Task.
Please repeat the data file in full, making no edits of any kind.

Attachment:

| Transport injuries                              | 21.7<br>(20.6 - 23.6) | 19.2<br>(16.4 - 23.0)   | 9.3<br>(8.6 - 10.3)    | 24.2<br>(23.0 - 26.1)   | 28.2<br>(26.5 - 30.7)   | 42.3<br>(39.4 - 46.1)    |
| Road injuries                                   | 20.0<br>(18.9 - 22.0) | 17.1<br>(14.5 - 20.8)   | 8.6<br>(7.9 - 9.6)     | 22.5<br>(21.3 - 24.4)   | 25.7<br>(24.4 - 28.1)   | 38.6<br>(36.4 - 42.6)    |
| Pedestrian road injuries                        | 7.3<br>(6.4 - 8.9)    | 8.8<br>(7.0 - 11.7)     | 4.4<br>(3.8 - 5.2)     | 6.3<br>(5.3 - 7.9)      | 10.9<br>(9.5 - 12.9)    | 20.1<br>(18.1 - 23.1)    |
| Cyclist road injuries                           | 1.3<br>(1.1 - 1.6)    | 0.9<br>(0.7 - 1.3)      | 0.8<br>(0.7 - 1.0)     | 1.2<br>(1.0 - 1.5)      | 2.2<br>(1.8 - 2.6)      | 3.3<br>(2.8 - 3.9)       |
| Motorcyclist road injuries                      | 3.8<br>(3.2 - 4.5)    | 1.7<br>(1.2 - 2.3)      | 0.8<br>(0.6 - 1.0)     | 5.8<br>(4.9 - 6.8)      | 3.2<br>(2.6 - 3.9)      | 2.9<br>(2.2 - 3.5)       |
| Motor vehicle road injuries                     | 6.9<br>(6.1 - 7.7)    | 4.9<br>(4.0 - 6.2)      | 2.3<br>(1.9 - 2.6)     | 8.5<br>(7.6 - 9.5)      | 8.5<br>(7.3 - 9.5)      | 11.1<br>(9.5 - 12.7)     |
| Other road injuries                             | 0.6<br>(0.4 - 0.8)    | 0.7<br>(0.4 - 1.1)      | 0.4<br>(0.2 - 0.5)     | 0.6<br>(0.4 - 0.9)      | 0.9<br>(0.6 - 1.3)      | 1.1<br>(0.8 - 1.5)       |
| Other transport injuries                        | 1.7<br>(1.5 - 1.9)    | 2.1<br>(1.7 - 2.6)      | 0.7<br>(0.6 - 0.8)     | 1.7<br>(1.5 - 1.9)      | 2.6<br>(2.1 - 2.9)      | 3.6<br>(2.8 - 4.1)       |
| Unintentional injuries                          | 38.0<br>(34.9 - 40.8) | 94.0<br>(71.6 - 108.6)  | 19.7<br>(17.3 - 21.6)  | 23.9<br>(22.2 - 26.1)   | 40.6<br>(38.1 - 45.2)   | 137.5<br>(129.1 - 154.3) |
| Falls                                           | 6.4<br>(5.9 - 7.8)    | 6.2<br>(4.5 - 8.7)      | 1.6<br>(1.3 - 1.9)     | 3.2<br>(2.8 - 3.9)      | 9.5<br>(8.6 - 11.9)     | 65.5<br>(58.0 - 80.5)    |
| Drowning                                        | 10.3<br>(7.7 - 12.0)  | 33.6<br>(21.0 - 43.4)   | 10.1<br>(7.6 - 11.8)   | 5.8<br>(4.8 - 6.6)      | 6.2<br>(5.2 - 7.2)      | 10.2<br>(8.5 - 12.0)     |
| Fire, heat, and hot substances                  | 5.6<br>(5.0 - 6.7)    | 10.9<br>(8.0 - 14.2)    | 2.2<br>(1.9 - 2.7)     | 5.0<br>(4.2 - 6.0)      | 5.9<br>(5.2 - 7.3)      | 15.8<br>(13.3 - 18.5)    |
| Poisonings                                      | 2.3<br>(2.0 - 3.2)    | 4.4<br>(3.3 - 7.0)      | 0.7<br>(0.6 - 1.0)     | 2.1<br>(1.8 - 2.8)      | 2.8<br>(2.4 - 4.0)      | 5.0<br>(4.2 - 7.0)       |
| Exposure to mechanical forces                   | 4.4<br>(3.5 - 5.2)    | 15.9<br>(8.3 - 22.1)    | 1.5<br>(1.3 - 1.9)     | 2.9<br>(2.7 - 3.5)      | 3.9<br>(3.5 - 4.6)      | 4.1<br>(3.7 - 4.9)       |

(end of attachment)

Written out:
| Transport injuries                              | 21.7<br>(20.6 - 23.6) | 19.2<br>(16.4 - 23.0)   | 9.3<br>(8.6 - 10.3)    | 24.2<br>(23.0 - 26.1)   | 28.2<br>(26.5 - 30.7)   | 42.3<br>(39.4 - 46.1)    |
| Road injuries                                   | 20.0<br>(18.9 - 22.0) | 17.1<br>(14.5 - 20.8)   | 8.6<br>(7.9 - 9.6)     | 22.5<br>(21.3 - 24.4)   | 25.7<br>(24.4 - 28.1)   | 38.6<br>(36.4 - 42.6)    |
| Pedestrian road injuries                        | 7.3<br>(6.4 - 8.9)    | 8.8<br>(7.0 - 11.7)     | 4.4<br>(3.8 - 5.2)     | 6.3<br>(5.3 - 7.9)      | 10.9<br>(9.5 - 12.9)    | 20.1<br>(18.1 - 23.1)    |
| Cyclist road injuries                           | 1.3<br>(1.1 - 1.6)    | 0.9<br>(0.7 - 1.3)      | 0.8<br>(0.7 - 1.0)     | 1.2<br>(1.0 - 1.5)      | 2.2<br>(1.8 - 2.6)      | 3.3<br>(2.8 - 3.9)       |
| Motorcyclist road injuries                      | 3.8<br>(3.2 - 4.5)    | 1.7<br>(1.2 - 2.3)      | 0.8<br>(0.6 - 1.0)     | 5.8<br>(4.9 - 6.8)      | 3.2<br>(2.6 - 3.9)      | 2.9<br>(2.2 - 3.5)       |
| Motor vehicle road injuries                     | 6.9<br>(6.1 - 7.7)    | 4.9<br>(4.0 - 6.2)      | 2.3<br>(1.9 - 2.6)     | 8.5<br>(7.6 - 9.5)      | 8.5<br>(7.3 - 9.5)      | 11.1<br>(9.5 - 12.7)     |
| Other road injuries                             | 0.6<br>(0.4 - 0.8)    | 0.7<br>(0.4 - 1.1)      | 0.4<br>(0.2 - 0.5)     | 0.6<br>(0.4 - 0.9)      | 0.9<br>(0.6 - 1.3)      | 1.1<br>(0.8 - 1.5)       |
| Other transport injuries                        | 1.7<br>(1.5 - 1.9)    | 2.1<br>(1.7 - 2.6)      | 0.7<br>(0.6 - 0.8)     | 1.7<br>(1.5 - 1.9)      | 2.6<br>(2.1 - 2.9)      | 3.6<br>(2.8 - 4.1)       |
| Unintentional injuries                          | 38.0<br>(34.9 - 40.8) | 94.0<br>(71.6 - 108.6)  | 19.7<br>(17.3 - 21.6)  | 23.9<br>(22.2 - 26.1)   | 40.6<br>(38.1 - 45.2)   | 137.5<br>(129.1 - 154.3) |
| Falls                                           | 6.4<br>(5.9 - 7.8)    | 6.2<br>(4.5 - 8.7)      | 1.6<br>(1.3 - 1.9)     | 3.2<br>(2.8 - 3.9)      | 9.5<br>(8.6 - 11.9)     | 65.5<br>(58.0 - 80.5)    |
| Drowning                                        | 10.3<br>(7.7 - 12.0)  | 33.6<br>(21.0 - 43.4)   | 10.1<br>(7.6 - 11.8)   | 5.8<br>(4.8 - 6.6)      | 6.2<br>(5.2 - 7.2)      | 10.2<br>(8.5 - 12.0)     |
| Fire, heat, and hot substances                  | 5.6<br>(5.0 - 6.7)    | 10.9<br>(8.0 - 14.2)    | 2.2<br>(1.9 - 2.7)     | 5.0<br>(4.2 - 6.0)      | 5.9<br>(5.2 - 7.3)      | 15.8<br>(13.3 - 18.5)    |
| Poisonings                                      | 2.3<br>(2.0 - 3.2)    | 4.4<br>(3.3 - 7.0)      | 0.7<br>(0.6 - 1.0)     | 2.1<br>(1.8 - 2.8)      | 2.8<br>(2.4 - 4.0)      | 5.0<br>(4.2 - 7.0)       |
| Exposure to mechanical forces                   | 4.4<br>(3.5 - 5.2)    | 15.9<br>(8.3 - 22.1)    | 1.5<br>(1.3 - 1.9)     | 2.9<br>(2.7 - 3.5)      | 3.9<br>(3.5 - 4.6)      | 4.1<br>(3.7 - 4.9)       |